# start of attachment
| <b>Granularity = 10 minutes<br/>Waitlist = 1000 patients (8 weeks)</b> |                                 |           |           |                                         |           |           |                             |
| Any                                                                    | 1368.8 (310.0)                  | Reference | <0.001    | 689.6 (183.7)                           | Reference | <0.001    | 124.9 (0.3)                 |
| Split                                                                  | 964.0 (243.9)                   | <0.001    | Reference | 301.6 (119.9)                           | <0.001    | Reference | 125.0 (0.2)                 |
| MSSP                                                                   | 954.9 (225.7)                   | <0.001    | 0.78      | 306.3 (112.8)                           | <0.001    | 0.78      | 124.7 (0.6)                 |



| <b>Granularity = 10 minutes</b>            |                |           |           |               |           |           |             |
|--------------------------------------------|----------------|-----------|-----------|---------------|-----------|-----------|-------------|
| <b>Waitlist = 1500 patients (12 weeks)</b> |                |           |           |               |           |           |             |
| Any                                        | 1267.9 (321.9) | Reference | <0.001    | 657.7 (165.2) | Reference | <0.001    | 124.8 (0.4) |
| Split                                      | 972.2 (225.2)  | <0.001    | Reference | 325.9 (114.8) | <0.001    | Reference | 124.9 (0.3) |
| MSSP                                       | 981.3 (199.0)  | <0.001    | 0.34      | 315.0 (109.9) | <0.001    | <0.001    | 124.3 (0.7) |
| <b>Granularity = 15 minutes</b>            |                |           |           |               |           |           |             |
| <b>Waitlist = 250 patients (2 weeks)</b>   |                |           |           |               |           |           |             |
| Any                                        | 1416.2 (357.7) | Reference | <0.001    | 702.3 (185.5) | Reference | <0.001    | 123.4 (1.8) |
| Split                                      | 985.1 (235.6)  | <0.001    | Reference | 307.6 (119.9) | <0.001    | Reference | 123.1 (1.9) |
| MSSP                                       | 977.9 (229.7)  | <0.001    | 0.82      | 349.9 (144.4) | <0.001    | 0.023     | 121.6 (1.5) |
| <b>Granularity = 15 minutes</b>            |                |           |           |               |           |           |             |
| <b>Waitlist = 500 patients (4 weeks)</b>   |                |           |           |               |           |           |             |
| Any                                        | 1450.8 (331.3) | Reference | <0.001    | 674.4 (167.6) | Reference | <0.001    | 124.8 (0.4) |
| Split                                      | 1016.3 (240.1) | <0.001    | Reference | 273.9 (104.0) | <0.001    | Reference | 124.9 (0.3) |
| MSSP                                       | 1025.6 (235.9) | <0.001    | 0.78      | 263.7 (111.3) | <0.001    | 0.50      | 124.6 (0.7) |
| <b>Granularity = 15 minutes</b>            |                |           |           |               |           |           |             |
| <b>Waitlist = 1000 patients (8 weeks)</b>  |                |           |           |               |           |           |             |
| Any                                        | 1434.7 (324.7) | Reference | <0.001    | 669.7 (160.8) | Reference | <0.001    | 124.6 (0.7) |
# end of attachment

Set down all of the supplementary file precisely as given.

| <b>Granularity = 10 minutes<br/>Waitlist = 1000 patients (8 weeks)</b> |                                 |           |           |                                         |           |           |                             |
| Any                                                                    | 1368.8 (310.0)                  | Reference | <0.001    | 689.6 (183.7)                           | Reference | <0.001    | 124.9 (0.3)                 |
| Split                                                                  | 964.0 (243.9)                   | <0.001    | Reference | 301.6 (119.9)                           | <0.001    | Reference | 125.0 (0.2)                 |
| MSSP                                                                   | 954.9 (225.7)                   | <0.001    | 0.78      | 306.3 (112.8)                           | <0.001    | 0.78      | 124.7 (0.6)                 |



| <b>Granularity = 10 minutes</b>            |                |           |           |               |           |           |             |
|--------------------------------------------|----------------|-----------|-----------|---------------|-----------|-----------|-------------|
| <b>Waitlist = 1500 patients (12 weeks)</b> |                |           |           |               |           |           |             |
| Any                                        | 1267.9 (321.9) | Reference | <0.001    | 657.7 (165.2) | Reference | <0.001    | 124.8 (0.4) |
| Split                                      | 972.2 (225.2)  | <0.001    | Reference | 325.9 (114.8) | <0.001    | Reference | 124.9 (0.3) |
| MSSP                                       | 981.3 (199.0)  | <0.001    | 0.34      | 315.0 (109.9) | <0.001    | <0.001    | 124.3 (0.7) |
| <b>Granularity = 15 minutes</b>            |                |           |           |               |           |           |             |
| <b>Waitlist = 250 patients (2 weeks)</b>   |                |           |           |               |           |           |             |
| Any                                        | 1416.2 (357.7) | Reference | <0.001    | 702.3 (185.5) | Reference | <0.001    | 123.4 (1.8) |
| Split                                      | 985.1 (235.6)  | <0.001    | Reference | 307.6 (119.9) | <0.001    | Reference | 123.1 (1.9) |
| MSSP                                       | 977.9 (229.7)  | <0.001    | 0.82      | 349.9 (144.4) | <0.001    | 0.023     | 121.6 (1.5) |
| <b>Granularity = 15 minutes</b>            |                |           |           |               |           |           |             |
| <b>Waitlist = 500 patients (4 weeks)</b>   |                |           |           |               |           |           |             |
| Any                                        | 1450.8 (331.3) | Reference | <0.001    | 674.4 (167.6) | Reference | <0.001    | 124.8 (0.4) |
| Split                                      | 1016.3 (240.1) | <0.001    | Reference | 273.9 (104.0) | <0.001    | Reference | 124.9 (0.3) |
| MSSP                                       | 1025.6 (235.9) | <0.001    | 0.78      | 263.7 (111.3) | <0.001    | 0.50      | 124.6 (0.7) |
| <b>Granularity = 15 minutes</b>            |                |           |           |               |           |           |             |
| <b>Waitlist = 1000 patients (8 weeks)</b>  |                |           |           |               |           |           |             |
| Any                                        | 1434.7 (324.7) | Reference | <0.001    | 669.7 (160.8) | Reference | <0.001    | 124.6 (0.7) |